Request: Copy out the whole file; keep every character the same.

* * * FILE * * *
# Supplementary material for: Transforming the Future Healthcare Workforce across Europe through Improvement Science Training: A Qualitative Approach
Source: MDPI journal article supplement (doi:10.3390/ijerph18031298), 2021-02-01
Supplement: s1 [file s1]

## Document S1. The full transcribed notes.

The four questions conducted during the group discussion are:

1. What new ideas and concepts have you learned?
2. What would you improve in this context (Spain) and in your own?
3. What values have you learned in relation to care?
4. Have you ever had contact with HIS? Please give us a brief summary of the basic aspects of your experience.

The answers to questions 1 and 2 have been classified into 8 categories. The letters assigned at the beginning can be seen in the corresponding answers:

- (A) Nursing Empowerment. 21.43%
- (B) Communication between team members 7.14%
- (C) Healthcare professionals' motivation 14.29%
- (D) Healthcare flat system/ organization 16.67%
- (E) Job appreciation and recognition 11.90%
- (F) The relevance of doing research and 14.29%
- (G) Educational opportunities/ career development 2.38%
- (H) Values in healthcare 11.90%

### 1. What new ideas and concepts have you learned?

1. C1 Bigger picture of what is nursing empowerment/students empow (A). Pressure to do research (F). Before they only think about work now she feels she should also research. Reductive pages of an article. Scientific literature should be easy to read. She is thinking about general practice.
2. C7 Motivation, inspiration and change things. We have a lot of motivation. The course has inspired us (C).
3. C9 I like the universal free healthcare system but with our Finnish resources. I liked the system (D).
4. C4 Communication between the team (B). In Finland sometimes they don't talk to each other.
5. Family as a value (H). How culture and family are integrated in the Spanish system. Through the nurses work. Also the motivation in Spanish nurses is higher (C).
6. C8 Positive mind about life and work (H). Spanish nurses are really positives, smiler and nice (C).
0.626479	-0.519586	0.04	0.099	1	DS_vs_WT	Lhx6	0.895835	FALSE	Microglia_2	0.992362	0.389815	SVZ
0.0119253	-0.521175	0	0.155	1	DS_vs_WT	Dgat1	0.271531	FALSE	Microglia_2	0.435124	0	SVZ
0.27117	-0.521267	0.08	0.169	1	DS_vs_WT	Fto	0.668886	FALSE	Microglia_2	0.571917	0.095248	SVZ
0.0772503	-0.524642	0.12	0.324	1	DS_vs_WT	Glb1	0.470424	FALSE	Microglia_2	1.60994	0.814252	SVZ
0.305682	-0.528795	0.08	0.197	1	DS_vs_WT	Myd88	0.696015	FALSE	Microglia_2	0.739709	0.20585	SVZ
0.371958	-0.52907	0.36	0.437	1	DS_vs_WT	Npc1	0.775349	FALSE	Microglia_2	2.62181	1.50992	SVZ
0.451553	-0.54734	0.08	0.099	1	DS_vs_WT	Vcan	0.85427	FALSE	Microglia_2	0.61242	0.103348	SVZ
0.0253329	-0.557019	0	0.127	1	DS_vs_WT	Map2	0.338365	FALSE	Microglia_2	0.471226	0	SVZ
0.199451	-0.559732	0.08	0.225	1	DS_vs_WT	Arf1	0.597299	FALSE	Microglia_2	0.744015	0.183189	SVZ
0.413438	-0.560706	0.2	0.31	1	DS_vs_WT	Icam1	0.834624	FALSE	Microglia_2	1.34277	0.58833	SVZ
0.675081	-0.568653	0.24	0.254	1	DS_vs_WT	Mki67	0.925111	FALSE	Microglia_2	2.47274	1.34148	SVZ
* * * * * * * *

# Supplementary material for: Transforming the Future Healthcare Workforce across Europe through Improvement Science Training: A Qualitative Approach
Source: MDPI journal article supplement (doi:10.3390/ijerph18031298), 2021-02-01
Supplement: s1 [file s1]

## Document S1. The full transcribed notes.

The four questions conducted during the group discussion are:

1. What new ideas and concepts have you learned?
2. What would you improve in this context (Spain) and in your own?
3. What values have you learned in relation to care?
4. Have you ever had contact with HIS? Please give us a brief summary of the basic aspects of your experience.

The answers to questions 1 and 2 have been classified into 8 categories. The letters assigned at the beginning can be seen in the corresponding answers:

- (A) Nursing Empowerment. 21.43%
- (B) Communication between team members 7.14%
- (C) Healthcare professionals' motivation 14.29%
- (D) Healthcare flat system/ organization 16.67%
- (E) Job appreciation and recognition 11.90%
- (F) The relevance of doing research and 14.29%
- (G) Educational opportunities/ career development 2.38%
- (H) Values in healthcare 11.90%

### 1. What new ideas and concepts have you learned?

1. C1 Bigger picture of what is nursing empowerment/students empow (A). Pressure to do research (F). Before they only think about work now she feels she should also research. Reductive pages of an article. Scientific literature should be easy to read. She is thinking about general practice.
2. C7 Motivation, inspiration and change things. We have a lot of motivation. The course has inspired us (C).
3. C9 I like the universal free healthcare system but with our Finnish resources. I liked the system (D).
4. C4 Communication between the team (B). In Finland sometimes they don't talk to each other.
5. Family as a value (H). How culture and family are integrated in the Spanish system. Through the nurses work. Also the motivation in Spanish nurses is higher (C).
6. C8 Positive mind about life and work (H). Spanish nurses are really positives, smiler and nice (C).
0.626479	-0.519586	0.04	0.099	1	DS_vs_WT	Lhx6	0.895835	FALSE	Microglia_2	0.992362	0.389815	SVZ
0.0119253	-0.521175	0	0.155	1	DS_vs_WT	Dgat1	0.271531	FALSE	Microglia_2	0.435124	0	SVZ
0.27117	-0.521267	0.08	0.169	1	DS_vs_WT	Fto	0.668886	FALSE	Microglia_2	0.571917	0.095248	SVZ
0.0772503	-0.524642	0.12	0.324	1	DS_vs_WT	Glb1	0.470424	FALSE	Microglia_2	1.60994	0.814252	SVZ
0.305682	-0.528795	0.08	0.197	1	DS_vs_WT	Myd88	0.696015	FALSE	Microglia_2	0.739709	0.20585	SVZ
0.371958	-0.52907	0.36	0.437	1	DS_vs_WT	Npc1	0.775349	FALSE	Microglia_2	2.62181	1.50992	SVZ
0.451553	-0.54734	0.08	0.099	1	DS_vs_WT	Vcan	0.85427	FALSE	Microglia_2	0.61242	0.103348	SVZ
0.0253329	-0.557019	0	0.127	1	DS_vs_WT	Map2	0.338365	FALSE	Microglia_2	0.471226	0	SVZ
0.199451	-0.559732	0.08	0.225	1	DS_vs_WT	Arf1	0.597299	FALSE	Microglia_2	0.744015	0.183189	SVZ
0.413438	-0.560706	0.2	0.31	1	DS_vs_WT	Icam1	0.834624	FALSE	Microglia_2	1.34277	0.58833	SVZ
0.675081	-0.568653	0.24	0.254	1	DS_vs_WT	Mki67	0.925111	FALSE	Microglia_2	2.47274	1.34148	SVZ